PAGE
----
Tag Archives: chris hemsworth

Review: ‘Thor: Ragnarok’

dfn-thor_ragnarok_ver2-300Director Taika Waititi steals his own movie from his co-stars in Thor: Ragnarok.

He plays Korg, a doleful inmate in a remote prison who is resigned to a life of pain, yet keeps alive an impossible dream of rebellion against the forces that hold him captive. Resembling a bunch of rocks, Korg is nonetheless a very appealing personality in a very appealing, very funny comedy that actively works against the stereotypes of superhero films.

Waititi makes Thor: Ragnarok his own, bringing his signature authorial voice to a project with a massive budget and massive expectations. Hailing from New Zealand, the filmmaker has made a series of delightful comic works in which the characters struggle against the odds to make something of themselves — but not too much, since that wouldn’t be proper.

Having come to greater attention with What We Do in the Shadows and Hunt for the Wilderpeople, not to forget past festival favorites like Eagle vs. Shark and Boy, Waititi is fully prepared to put his own stamp on the third in a series of films that ran into a dead end.

Kenneth Branagh’s Thor showed strong potential for the Norse god, a fish out of water on Earth, but Thor: The Dark World, directed by Alan Taylor, felt very ordinary, featuring a lot of destruction but no real evolution of the primary characters.

Thor: Ragnarok resets the series with a much lighter touch. The screenplay, credited to Eric Pearson, Craig Kyler and Christopher L. Yost, really finds its footing after Thor is expelled from Asgard, his home planet, to a distant world, where he is quickly captured by indie warrior Scrapper (Tessa Thompson) and sold to Grandmaster (Jeff Goldblum). The ruler of all he surveys, Grandmaster runs very popular gladiator games, and sees in Thor the possibility of making a quick profit before the mighty warrior is killed by his reigning champion.

That champion turns out to be Hulk (Mark Ruffalo), who has been trapped in his larger than life form for two years and doesn’t recognize his old friend Thor. Eventually, of course, Hulk will team up again with Thor, as well as Scrapper, as well as Thor’s half-brother Loki (Tom Hiddleston) — also exiled to the same distant planet — to do battle against the evil Hela (Cate Blanchett), the Goddess of Death, who has assumed rulership of Asgard and wants to conquer the universe.

You know, the usual superhero stuff.

What makes all this enjoyable is the sure directorial touch of Waititi. He has no better idea of how to stage action than anyone else in the Marvel cinematic universe, but he excels at capturing believable interactions between characters, mixing believable dramatics with comic exchanges that are consistently amusing.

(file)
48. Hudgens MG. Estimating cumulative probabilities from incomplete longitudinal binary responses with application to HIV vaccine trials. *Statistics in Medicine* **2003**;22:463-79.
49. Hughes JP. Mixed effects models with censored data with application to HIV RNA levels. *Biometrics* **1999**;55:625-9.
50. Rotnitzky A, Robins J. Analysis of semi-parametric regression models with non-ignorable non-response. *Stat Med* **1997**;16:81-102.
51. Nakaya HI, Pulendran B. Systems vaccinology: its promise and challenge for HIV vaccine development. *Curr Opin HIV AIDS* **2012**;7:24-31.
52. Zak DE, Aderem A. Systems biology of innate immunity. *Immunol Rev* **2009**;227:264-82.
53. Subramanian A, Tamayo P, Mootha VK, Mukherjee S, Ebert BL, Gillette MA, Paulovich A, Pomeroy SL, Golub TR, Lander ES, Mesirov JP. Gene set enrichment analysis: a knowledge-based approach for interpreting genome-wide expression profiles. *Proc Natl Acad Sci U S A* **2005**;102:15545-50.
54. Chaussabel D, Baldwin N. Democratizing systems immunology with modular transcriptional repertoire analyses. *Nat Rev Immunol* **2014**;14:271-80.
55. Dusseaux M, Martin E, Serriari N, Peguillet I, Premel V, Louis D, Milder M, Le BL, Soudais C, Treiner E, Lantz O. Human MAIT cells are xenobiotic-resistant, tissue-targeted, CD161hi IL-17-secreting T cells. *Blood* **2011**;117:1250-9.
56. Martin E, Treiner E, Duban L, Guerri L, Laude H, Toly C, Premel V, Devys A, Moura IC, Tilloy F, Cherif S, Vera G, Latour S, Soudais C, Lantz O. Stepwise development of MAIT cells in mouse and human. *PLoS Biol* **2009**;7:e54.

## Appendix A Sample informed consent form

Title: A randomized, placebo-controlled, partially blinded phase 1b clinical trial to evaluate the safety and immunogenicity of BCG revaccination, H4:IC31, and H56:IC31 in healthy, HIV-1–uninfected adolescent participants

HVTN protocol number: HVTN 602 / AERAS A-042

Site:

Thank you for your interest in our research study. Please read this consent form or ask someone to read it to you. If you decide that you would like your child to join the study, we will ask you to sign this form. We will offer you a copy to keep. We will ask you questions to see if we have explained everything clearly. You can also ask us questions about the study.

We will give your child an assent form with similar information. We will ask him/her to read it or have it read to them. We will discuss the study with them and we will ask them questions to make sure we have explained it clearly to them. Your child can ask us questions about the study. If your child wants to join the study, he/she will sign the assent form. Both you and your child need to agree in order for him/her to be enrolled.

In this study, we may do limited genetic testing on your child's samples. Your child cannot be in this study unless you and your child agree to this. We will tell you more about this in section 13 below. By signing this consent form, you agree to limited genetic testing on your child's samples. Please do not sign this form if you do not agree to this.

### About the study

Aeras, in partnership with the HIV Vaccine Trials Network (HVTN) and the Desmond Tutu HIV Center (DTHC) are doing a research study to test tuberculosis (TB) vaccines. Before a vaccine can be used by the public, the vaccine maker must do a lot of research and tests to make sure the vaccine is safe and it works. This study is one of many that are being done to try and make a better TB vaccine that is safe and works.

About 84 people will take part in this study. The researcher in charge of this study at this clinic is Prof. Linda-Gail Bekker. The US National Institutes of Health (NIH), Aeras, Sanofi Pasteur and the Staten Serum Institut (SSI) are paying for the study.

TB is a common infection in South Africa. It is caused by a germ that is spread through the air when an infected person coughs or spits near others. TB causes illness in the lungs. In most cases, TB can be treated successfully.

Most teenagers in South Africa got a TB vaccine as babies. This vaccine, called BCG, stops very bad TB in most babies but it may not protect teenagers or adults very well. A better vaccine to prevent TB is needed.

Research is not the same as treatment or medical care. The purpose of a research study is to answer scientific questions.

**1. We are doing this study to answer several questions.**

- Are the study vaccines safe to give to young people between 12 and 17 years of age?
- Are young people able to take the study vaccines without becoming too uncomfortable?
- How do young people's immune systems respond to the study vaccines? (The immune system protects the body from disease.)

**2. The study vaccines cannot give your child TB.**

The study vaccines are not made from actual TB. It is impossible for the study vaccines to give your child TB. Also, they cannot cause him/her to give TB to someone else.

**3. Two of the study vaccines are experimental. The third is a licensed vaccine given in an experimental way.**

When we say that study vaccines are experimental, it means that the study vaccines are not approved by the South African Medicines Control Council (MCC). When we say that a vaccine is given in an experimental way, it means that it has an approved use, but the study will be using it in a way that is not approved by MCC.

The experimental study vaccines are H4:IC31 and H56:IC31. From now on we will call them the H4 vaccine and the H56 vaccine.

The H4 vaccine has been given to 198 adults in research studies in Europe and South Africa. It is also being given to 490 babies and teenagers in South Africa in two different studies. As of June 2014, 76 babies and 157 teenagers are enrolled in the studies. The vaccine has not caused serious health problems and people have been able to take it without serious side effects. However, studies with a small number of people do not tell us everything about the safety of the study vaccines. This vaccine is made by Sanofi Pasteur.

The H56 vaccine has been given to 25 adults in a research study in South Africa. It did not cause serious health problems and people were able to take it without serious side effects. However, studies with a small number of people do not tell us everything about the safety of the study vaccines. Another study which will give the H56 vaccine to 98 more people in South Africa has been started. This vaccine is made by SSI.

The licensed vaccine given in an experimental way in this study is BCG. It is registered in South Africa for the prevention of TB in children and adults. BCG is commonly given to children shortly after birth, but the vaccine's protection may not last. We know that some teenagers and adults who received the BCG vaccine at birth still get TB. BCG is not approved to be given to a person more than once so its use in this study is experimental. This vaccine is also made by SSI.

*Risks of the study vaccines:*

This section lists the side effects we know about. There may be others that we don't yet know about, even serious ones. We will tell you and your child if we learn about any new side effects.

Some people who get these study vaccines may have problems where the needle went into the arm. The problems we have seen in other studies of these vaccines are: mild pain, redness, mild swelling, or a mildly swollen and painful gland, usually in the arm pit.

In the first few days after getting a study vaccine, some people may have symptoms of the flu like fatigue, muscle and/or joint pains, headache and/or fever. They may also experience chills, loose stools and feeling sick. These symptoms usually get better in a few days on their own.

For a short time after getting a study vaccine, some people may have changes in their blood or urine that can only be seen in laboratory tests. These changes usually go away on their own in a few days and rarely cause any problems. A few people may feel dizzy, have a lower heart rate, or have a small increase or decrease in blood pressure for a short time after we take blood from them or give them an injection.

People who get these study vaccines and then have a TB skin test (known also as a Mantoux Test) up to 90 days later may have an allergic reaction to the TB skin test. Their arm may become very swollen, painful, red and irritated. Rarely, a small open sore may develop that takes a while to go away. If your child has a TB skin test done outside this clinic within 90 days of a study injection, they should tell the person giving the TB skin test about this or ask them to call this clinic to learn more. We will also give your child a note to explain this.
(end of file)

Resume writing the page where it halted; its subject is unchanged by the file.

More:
To a certain degree, it’s because Thor, Loki, Hulk, and Scrapper all make fun of ancient stereotypes, tamping down expectations that they’d ever want to be typical superheroes, and then proving by their actions that they’re willing to make the sacrifices needed. Scrapper, especially, stands out, not only because she’s a new character but because she’s not hemmed in by romantic attachments; she’s just a tough, experienced warrior with a sure sense of her own capabilities and a wily disregard of what others might want from here.

Thor: Ragnarok flies by in a thoroughly engaging manner. You never forget that it’s a silly superhero movie, and that’s perfectly OK with the actors and the filmmakers. The idea is just to have fun and enjoy all the action and pretty pictures on screen, and the film easily accomplishes that, leaving most viewers, myself included, wanting more.

The film opens wide throughout Dallas and Fort Worth on Friday, November 3. Check local listings for showtimes.

Review: ‘In the Heart of the Sea’

dfn-in_the_heart_of_the_sea-300Hale and hearty as it aims to be, Ron Howard’s In the Heart of the Sea is still not very nourishing. It endeavors to be as authentic as possible, yet wages a losing battle against artificial whales and waves.

Chris Hemsworth is front and center as veteran sailor Owen Chase, whose wife is expecting their first child. First mate Chase is about to head out to sea in 1820 New England, confident he will be made captain of a new whaling vessel, as his superiors had led him to believe. Instead, he is told that the inexperienced George Pollard (Benjamin Walker), scion of a wealthy shipping dynasty, has been appointed as captain, with Chase again promised a promotion at the successful completion of the voyage.

Before all that happens, of course, a framing device is required, one that will make abundantly clear that In the Heart of the Sea is drawn from a true story. Herman Melville (Ben Whishaw) shows up on the doorstep of grizzled Tom Nickerson (Brendan Gleeson), declaring that he will write a book entitled Moby Dick and requesting that Nickerson tell him the true story behind a legendary disaster at sea.

Eventually, the whaleship Essex is underway, with a minimum goal of 2,000 barrels of whale oil mandated.. Aristocratic Captain Pollard and earthy first mate Chase are at odds, with the ship’s crew lining up solidly behind Chase. With the water in the North Atlantic fished out, the ship heads to the South Atlantic, and then, as the months pass and whales remain difficult to find, the Pacific Ocean beckons, where a fateful encounter with a giant, vengeful whale awaits.

Now, if all this sounds terribly pedantic, that’s because it is.

The source material, Nathaniel Philbrick’s book In the Heart of the Sea: The Tragedy of the Whaleship Essex, is a wonderful read, as I recall. (It was published in 2000 and won the National Book Award for Nonfiction.) Charles Leavitt’s screenplay struggles to give it dramatic life; what works so well on the page — the episodic nature, the digressions, the details — bog the story down on the screen.

Howard is no stranger to visual effects; his most recent effort, Rush, nicely integrated them with period drama and auto-racing thrills. But as advanced as visual effects have become, it’s still too obvious when they’re employed in place of real-life whales and waves.